Saturday, January 26, 2008

Crossing the Line

I’ve never been a big fan of unions. It could be because I was brought up by a capitalist who believes that unions are sucking the competitive edge out of America. It could be because of my early exposure to Ayn Rand and my resultant belief in meritocracy. It could be because when I worked for a major corporation creating a Times Square theme restaurant, I was appalled to see a 40-year old 7th grade drop-out earn $40 an hour for pushing the construction elevator button up or down while I, a college grad, made $15 an hour running the office. The elevator operator was in the Union. I was a mere temp.

Whatever the genesis of my dislike, I am surprised to find myself now a huge union supporter. At least of one particular union. Though I am not yet a member of the Writers Guild of America, I hope to be. I imagine WGA membership is what separates the real writers from the wannabees in this town. I long for that validation that my membership will bring. Not only will that make me part of the club, it will mean I have sold a script. It will mean I have made money off my art.

As I drive around town during the strike, I honk in solidarity when I pass picketing writers. I am one of you, I long to shout. I get smiles and waves in return. I feel like I am part of something bigger – fighting the good fight against the greedy corporations. OK so I wouldn’t be Sally Field in “Norma Rae,” but I’d be one of the beleaguered farm workers cheering her on.

“Come by for lunch today!” my friend enthused. A great idea, as the friend in question is one of my best and we always have a good time talking over the ups and downs of our lives. The only problem: she works on a major studio lot – the same one where I used to work.

Up until this point, I’d always managed to schedule meetings and lunches with studio friends off the lot but the logistics of this day made it impossible. I didn’t like the idea of having to cross the picket line of my fellow writers but it’s not like it was for work. That made it OK, right?

I drove up to the main studio gates and waited for the light. The picketers slowed at my approach. No one cleared the way even as the light turned green. I inched across the sidewalk, conscious that I was now blocking the road and cars going straight were getting pissed. My fellow writers did not hurry their progress from my bumper. One guy adopted a slow, shuffle-step and paused to glare at me with each shuffle. It was every bit the uncomfortable, traitorous experience I had feared it would be.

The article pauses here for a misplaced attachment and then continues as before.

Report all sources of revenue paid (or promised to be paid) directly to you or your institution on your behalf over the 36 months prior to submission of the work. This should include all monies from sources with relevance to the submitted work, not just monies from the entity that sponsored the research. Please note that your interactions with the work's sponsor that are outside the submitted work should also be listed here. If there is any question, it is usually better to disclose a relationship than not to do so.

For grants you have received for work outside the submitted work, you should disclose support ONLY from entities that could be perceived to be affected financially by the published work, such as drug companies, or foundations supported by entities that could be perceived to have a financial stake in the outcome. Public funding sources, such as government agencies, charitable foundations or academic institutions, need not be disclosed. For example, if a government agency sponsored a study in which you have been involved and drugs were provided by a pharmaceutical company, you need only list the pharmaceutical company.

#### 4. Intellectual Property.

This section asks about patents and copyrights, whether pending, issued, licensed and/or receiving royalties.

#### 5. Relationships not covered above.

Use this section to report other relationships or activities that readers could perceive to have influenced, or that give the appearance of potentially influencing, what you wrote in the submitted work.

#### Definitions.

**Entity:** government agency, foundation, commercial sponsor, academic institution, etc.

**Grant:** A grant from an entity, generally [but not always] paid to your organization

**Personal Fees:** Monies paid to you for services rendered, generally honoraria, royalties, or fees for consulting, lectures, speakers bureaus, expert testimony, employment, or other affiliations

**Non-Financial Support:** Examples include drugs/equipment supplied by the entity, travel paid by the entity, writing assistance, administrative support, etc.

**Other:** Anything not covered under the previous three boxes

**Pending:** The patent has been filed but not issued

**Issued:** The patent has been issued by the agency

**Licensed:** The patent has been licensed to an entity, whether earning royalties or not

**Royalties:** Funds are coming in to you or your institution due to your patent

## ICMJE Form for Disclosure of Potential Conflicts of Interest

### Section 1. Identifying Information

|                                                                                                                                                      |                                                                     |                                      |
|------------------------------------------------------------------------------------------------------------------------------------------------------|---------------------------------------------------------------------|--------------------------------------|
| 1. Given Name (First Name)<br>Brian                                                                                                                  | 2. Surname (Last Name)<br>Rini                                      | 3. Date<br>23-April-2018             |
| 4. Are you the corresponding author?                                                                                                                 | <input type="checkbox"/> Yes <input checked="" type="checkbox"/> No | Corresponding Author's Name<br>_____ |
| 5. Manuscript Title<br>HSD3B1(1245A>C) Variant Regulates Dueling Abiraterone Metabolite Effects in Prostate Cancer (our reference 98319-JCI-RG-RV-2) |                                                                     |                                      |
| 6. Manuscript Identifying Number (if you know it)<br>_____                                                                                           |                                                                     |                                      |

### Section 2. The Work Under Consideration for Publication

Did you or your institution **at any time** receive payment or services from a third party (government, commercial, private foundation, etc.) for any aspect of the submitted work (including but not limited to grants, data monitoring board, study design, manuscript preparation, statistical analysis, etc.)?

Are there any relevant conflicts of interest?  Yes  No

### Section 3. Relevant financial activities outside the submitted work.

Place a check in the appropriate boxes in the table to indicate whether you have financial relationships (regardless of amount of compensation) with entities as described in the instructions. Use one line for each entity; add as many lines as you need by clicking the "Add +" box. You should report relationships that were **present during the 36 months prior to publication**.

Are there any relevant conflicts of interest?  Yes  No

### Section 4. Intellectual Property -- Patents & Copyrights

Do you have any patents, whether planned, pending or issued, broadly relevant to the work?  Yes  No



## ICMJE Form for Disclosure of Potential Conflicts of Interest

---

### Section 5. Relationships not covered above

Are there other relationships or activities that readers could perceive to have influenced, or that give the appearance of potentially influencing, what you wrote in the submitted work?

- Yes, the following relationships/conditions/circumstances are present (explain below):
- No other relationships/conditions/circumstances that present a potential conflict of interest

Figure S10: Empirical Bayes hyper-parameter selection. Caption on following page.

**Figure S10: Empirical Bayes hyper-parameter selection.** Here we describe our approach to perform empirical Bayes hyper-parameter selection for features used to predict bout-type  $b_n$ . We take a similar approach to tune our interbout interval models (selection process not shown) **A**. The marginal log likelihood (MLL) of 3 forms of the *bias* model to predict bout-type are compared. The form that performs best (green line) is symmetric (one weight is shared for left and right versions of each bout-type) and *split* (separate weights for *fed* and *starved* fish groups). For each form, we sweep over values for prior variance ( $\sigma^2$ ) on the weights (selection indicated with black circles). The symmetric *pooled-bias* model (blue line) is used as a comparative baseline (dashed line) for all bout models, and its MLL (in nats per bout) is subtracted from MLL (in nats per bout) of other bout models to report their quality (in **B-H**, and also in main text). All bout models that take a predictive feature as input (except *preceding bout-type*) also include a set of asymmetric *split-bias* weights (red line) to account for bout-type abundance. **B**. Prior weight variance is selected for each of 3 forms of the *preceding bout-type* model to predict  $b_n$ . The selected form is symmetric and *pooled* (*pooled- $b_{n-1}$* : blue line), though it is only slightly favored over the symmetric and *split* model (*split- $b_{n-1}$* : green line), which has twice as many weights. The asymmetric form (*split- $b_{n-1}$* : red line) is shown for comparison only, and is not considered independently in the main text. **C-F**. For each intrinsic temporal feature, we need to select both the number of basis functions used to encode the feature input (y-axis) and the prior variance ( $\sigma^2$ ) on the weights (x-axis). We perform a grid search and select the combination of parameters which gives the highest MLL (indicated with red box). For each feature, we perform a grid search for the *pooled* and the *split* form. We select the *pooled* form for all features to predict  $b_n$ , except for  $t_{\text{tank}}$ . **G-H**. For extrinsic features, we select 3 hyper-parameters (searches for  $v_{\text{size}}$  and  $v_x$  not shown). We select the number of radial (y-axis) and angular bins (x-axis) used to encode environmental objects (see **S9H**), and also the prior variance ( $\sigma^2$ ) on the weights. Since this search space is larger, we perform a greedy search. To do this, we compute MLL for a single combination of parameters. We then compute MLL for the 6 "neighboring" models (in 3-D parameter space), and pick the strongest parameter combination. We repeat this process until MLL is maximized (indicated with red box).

“No, you guys!” I wanted to shout, “I’m one of you! I’m not working here. Just meeting a friend for lunch.” I willed the message out of my eyes at Shuffle Dude. On he glared. I think he even slowed down.

“We’re not even buying food from the studio, we brought from outside!” I eye-pleaded.

Nothing.

After about a year, the angry guy shuffled aside enough for me to pass to the security gate where I was warmly greeted by old friends. Even though my visit to the lot was completely un-work or money related, even though my presence on the lot would in no way impact the studio's business, I still felt like a horrible traitor.

These strikers saw me every day as I drove to one of my ends-meet part time jobs. I always honked. They would know my car. They would probably think I was selling them out; a scab. How would I repair this rift between myself and the members of my aspired-to union?

As my friend and I ate it began to rain. I was too queasy from the whole line crossing experience and could only nibble at my sandwich. By the time I left her office, it was raining in earnest. I got in my car and drove toward the gates. I prepared myself for the wall of anger and misunderstanding to hit me.

Maybe, I thought, the thing to do would be to park across the street and come back and explain everything to them. I could picture their rain splattered faces laughing as I got to the “We even got the sandwiches from off the lot” line. They would become new friends and we’d commiserate over the studios’ greed. I’d be brought back into the fold.

Confident in my plan, I idled my car up to security. It was late and wet. The picketers were gone.

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